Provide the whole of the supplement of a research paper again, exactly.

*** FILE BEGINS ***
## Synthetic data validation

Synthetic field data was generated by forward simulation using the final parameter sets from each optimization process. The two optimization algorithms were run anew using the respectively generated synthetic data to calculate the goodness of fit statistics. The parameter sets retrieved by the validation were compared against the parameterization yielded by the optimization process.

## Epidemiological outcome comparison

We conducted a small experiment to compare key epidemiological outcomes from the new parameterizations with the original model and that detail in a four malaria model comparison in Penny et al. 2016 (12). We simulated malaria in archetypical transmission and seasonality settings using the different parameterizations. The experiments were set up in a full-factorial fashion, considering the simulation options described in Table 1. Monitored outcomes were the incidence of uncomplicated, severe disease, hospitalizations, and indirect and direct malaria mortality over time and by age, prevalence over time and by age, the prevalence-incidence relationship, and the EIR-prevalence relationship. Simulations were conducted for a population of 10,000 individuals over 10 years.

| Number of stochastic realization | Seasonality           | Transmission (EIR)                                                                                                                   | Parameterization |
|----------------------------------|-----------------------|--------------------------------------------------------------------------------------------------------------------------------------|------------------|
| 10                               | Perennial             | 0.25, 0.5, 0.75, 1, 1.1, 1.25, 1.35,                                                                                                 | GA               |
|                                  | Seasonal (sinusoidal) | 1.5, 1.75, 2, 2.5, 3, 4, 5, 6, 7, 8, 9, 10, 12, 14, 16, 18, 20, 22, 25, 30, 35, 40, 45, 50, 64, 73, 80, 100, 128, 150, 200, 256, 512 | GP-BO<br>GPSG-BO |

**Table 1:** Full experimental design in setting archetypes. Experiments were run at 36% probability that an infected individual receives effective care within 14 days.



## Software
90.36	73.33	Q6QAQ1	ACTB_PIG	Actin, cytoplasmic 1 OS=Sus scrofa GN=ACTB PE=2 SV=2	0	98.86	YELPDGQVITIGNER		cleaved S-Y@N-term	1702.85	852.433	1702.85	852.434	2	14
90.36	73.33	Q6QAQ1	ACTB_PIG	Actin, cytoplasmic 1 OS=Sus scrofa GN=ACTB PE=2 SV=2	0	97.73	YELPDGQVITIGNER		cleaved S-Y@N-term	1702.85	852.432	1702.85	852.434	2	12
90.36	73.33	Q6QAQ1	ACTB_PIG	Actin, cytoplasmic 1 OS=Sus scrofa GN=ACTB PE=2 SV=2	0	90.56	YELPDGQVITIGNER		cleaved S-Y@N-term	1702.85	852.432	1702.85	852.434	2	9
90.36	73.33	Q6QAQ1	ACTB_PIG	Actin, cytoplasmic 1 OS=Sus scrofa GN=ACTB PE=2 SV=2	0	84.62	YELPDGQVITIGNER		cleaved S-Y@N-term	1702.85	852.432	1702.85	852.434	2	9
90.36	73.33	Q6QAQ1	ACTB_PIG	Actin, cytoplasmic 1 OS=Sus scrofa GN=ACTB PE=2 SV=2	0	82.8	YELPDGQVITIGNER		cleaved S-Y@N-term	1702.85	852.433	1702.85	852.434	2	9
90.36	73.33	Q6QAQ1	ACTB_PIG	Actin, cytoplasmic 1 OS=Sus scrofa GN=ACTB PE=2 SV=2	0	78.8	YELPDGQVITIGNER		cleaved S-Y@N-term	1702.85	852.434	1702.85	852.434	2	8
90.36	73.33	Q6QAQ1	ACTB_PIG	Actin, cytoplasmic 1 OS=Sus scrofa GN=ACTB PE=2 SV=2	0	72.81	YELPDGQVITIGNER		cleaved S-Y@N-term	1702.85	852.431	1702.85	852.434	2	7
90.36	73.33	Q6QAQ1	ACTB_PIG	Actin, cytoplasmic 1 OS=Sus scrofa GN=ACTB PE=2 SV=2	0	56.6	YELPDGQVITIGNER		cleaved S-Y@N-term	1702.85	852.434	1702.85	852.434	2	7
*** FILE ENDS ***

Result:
## Synthetic data validation

Synthetic field data was generated by forward simulation using the final parameter sets from each optimization process. The two optimization algorithms were run anew using the respectively generated synthetic data to calculate the goodness of fit statistics. The parameter sets retrieved by the validation were compared against the parameterization yielded by the optimization process.

## Epidemiological outcome comparison

We conducted a small experiment to compare key epidemiological outcomes from the new parameterizations with the original model and that detail in a four malaria model comparison in Penny et al. 2016 (12). We simulated malaria in archetypical transmission and seasonality settings using the different parameterizations. The experiments were set up in a full-factorial fashion, considering the simulation options described in Table 1. Monitored outcomes were the incidence of uncomplicated, severe disease, hospitalizations, and indirect and direct malaria mortality over time and by age, prevalence over time and by age, the prevalence-incidence relationship, and the EIR-prevalence relationship. Simulations were conducted for a population of 10,000 individuals over 10 years.

| Number of stochastic realization | Seasonality           | Transmission (EIR)                                                                                                                   | Parameterization |
|----------------------------------|-----------------------|--------------------------------------------------------------------------------------------------------------------------------------|------------------|
| 10                               | Perennial             | 0.25, 0.5, 0.75, 1, 1.1, 1.25, 1.35,                                                                                                 | GA               |
|                                  | Seasonal (sinusoidal) | 1.5, 1.75, 2, 2.5, 3, 4, 5, 6, 7, 8, 9, 10, 12, 14, 16, 18, 20, 22, 25, 30, 35, 40, 45, 50, 64, 73, 80, 100, 128, 150, 200, 256, 512 | GP-BO<br>GPSG-BO |

**Table 1:** Full experimental design in setting archetypes. Experiments were run at 36% probability that an infected individual receives effective care within 14 days.



## Software
90.36	73.33	Q6QAQ1	ACTB_PIG	Actin, cytoplasmic 1 OS=Sus scrofa GN=ACTB PE=2 SV=2	0	98.86	YELPDGQVITIGNER		cleaved S-Y@N-term	1702.85	852.433	1702.85	852.434	2	14
90.36	73.33	Q6QAQ1	ACTB_PIG	Actin, cytoplasmic 1 OS=Sus scrofa GN=ACTB PE=2 SV=2	0	97.73	YELPDGQVITIGNER		cleaved S-Y@N-term	1702.85	852.432	1702.85	852.434	2	12
90.36	73.33	Q6QAQ1	ACTB_PIG	Actin, cytoplasmic 1 OS=Sus scrofa GN=ACTB PE=2 SV=2	0	90.56	YELPDGQVITIGNER		cleaved S-Y@N-term	1702.85	852.432	1702.85	852.434	2	9
90.36	73.33	Q6QAQ1	ACTB_PIG	Actin, cytoplasmic 1 OS=Sus scrofa GN=ACTB PE=2 SV=2	0	84.62	YELPDGQVITIGNER		cleaved S-Y@N-term	1702.85	852.432	1702.85	852.434	2	9
90.36	73.33	Q6QAQ1	ACTB_PIG	Actin, cytoplasmic 1 OS=Sus scrofa GN=ACTB PE=2 SV=2	0	82.8	YELPDGQVITIGNER		cleaved S-Y@N-term	1702.85	852.433	1702.85	852.434	2	9
90.36	73.33	Q6QAQ1	ACTB_PIG	Actin, cytoplasmic 1 OS=Sus scrofa GN=ACTB PE=2 SV=2	0	78.8	YELPDGQVITIGNER		cleaved S-Y@N-term	1702.85	852.434	1702.85	852.434	2	8
90.36	73.33	Q6QAQ1	ACTB_PIG	Actin, cytoplasmic 1 OS=Sus scrofa GN=ACTB PE=2 SV=2	0	72.81	YELPDGQVITIGNER		cleaved S-Y@N-term	1702.85	852.431	1702.85	852.434	2	7
90.36	73.33	Q6QAQ1	ACTB_PIG	Actin, cytoplasmic 1 OS=Sus scrofa GN=ACTB PE=2 SV=2	0	56.6	YELPDGQVITIGNER		cleaved S-Y@N-term	1702.85	852.434	1702.85	852.434	2	7